GPs' adherence to clinical practice guidelines is variable. Barriers to guideline implementation have been identified but qualitative studies have not been synthesised to explore what underpins these attitudes.
To explore and synthesise qualitative research on GPs' attitudes to and experiences with clinical practice guidelines.
Design of study
Systematic review and meta-synthesis of qualitative studies.
PubMed, CINAHL, EMBASE, Social Science Citation Index, and Science Citation Index were used as data sources, and independent data extraction was carried out. Discrepancies were resolved by consensus. Initial thematic analysis was conducted, followed by interpretative synthesis.
Seventeen studies met the inclusion criteria. Five were excluded following quality appraisal. Twelve papers were synthesised which reported research in the UK, US, Canada, and the Netherlands, and covered different clinical guideline topics. Six themes were identified: questioning the guidelines, GPs' experience, preserving the doctor–patient relationship, professional responsibility, practical issues, and guideline format. Comparative analysis and synthesis revealed that GPs' reasons for not following guidelines differed according to whether the guideline in question was prescriptive, in that it encouraged a certain type of behaviour or treatment, or proscriptive, in that it discouraged certain treatments or behaviours.
Previous analyses of guidelines have focused on professional attitudes and organisational barriers to adherence. This synthesis suggests that the purpose of the guideline, whether its aims are prescriptive or proscriptive, may influence if and how guidelines are received and implemented.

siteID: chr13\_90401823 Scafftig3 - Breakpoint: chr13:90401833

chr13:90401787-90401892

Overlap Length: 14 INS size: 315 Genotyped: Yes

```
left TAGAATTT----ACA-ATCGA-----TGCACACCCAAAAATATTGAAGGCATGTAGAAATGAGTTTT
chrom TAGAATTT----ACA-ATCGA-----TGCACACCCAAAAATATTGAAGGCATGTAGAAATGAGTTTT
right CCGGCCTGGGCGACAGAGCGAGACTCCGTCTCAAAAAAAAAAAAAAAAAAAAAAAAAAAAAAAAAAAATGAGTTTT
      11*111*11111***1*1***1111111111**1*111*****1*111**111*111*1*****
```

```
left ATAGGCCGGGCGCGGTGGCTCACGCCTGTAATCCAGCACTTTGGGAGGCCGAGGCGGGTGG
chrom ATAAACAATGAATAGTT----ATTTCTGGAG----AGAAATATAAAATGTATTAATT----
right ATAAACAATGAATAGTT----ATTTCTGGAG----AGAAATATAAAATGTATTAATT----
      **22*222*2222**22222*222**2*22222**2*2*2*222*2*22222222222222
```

attitudes of health personnel; general practice; guideline adherence; guidelines; meta-synthesis; qualitative research
We report an investigation of humans' musical learning ability using a novel musical system. We designed an artificial musical system based on the Bohlen-Pierce scale, a scale very different from Western music. Melodies were composed from chord progressions in the new scale by applying the rules of a finite-state grammar. After exposing participants to sets of melodies, we conducted listening tests to assess learning, including recognition tests, generalization tests, and subjective preference ratings. In Experiment 1, participants were presented with 15 melodies 27 times each. Forced choice results showed that participants were able to recognize previously encountered melodies and generalize their knowledge to new melodies, suggesting internalization of the musical grammar.
Preference ratings showed no differentiation among familiar, new, and ungrammatical melodies. In Experiment 2, participants were given 10 melodies 40 times each. Results showed superior recognition but unsuccessful generalization. Additionally, preference ratings were significantly higher for familiar melodies. Results from the two experiments suggest that humans can internalize the grammatical structure of a new musical system following exposure to a sufficiently large set size of melodies, but musical preference results from repeated exposure to a small number of items. This dissociation between grammar learning and preference will be further discussed.
music cognition; statistical learning; artificial grammar; melody; harmony; preference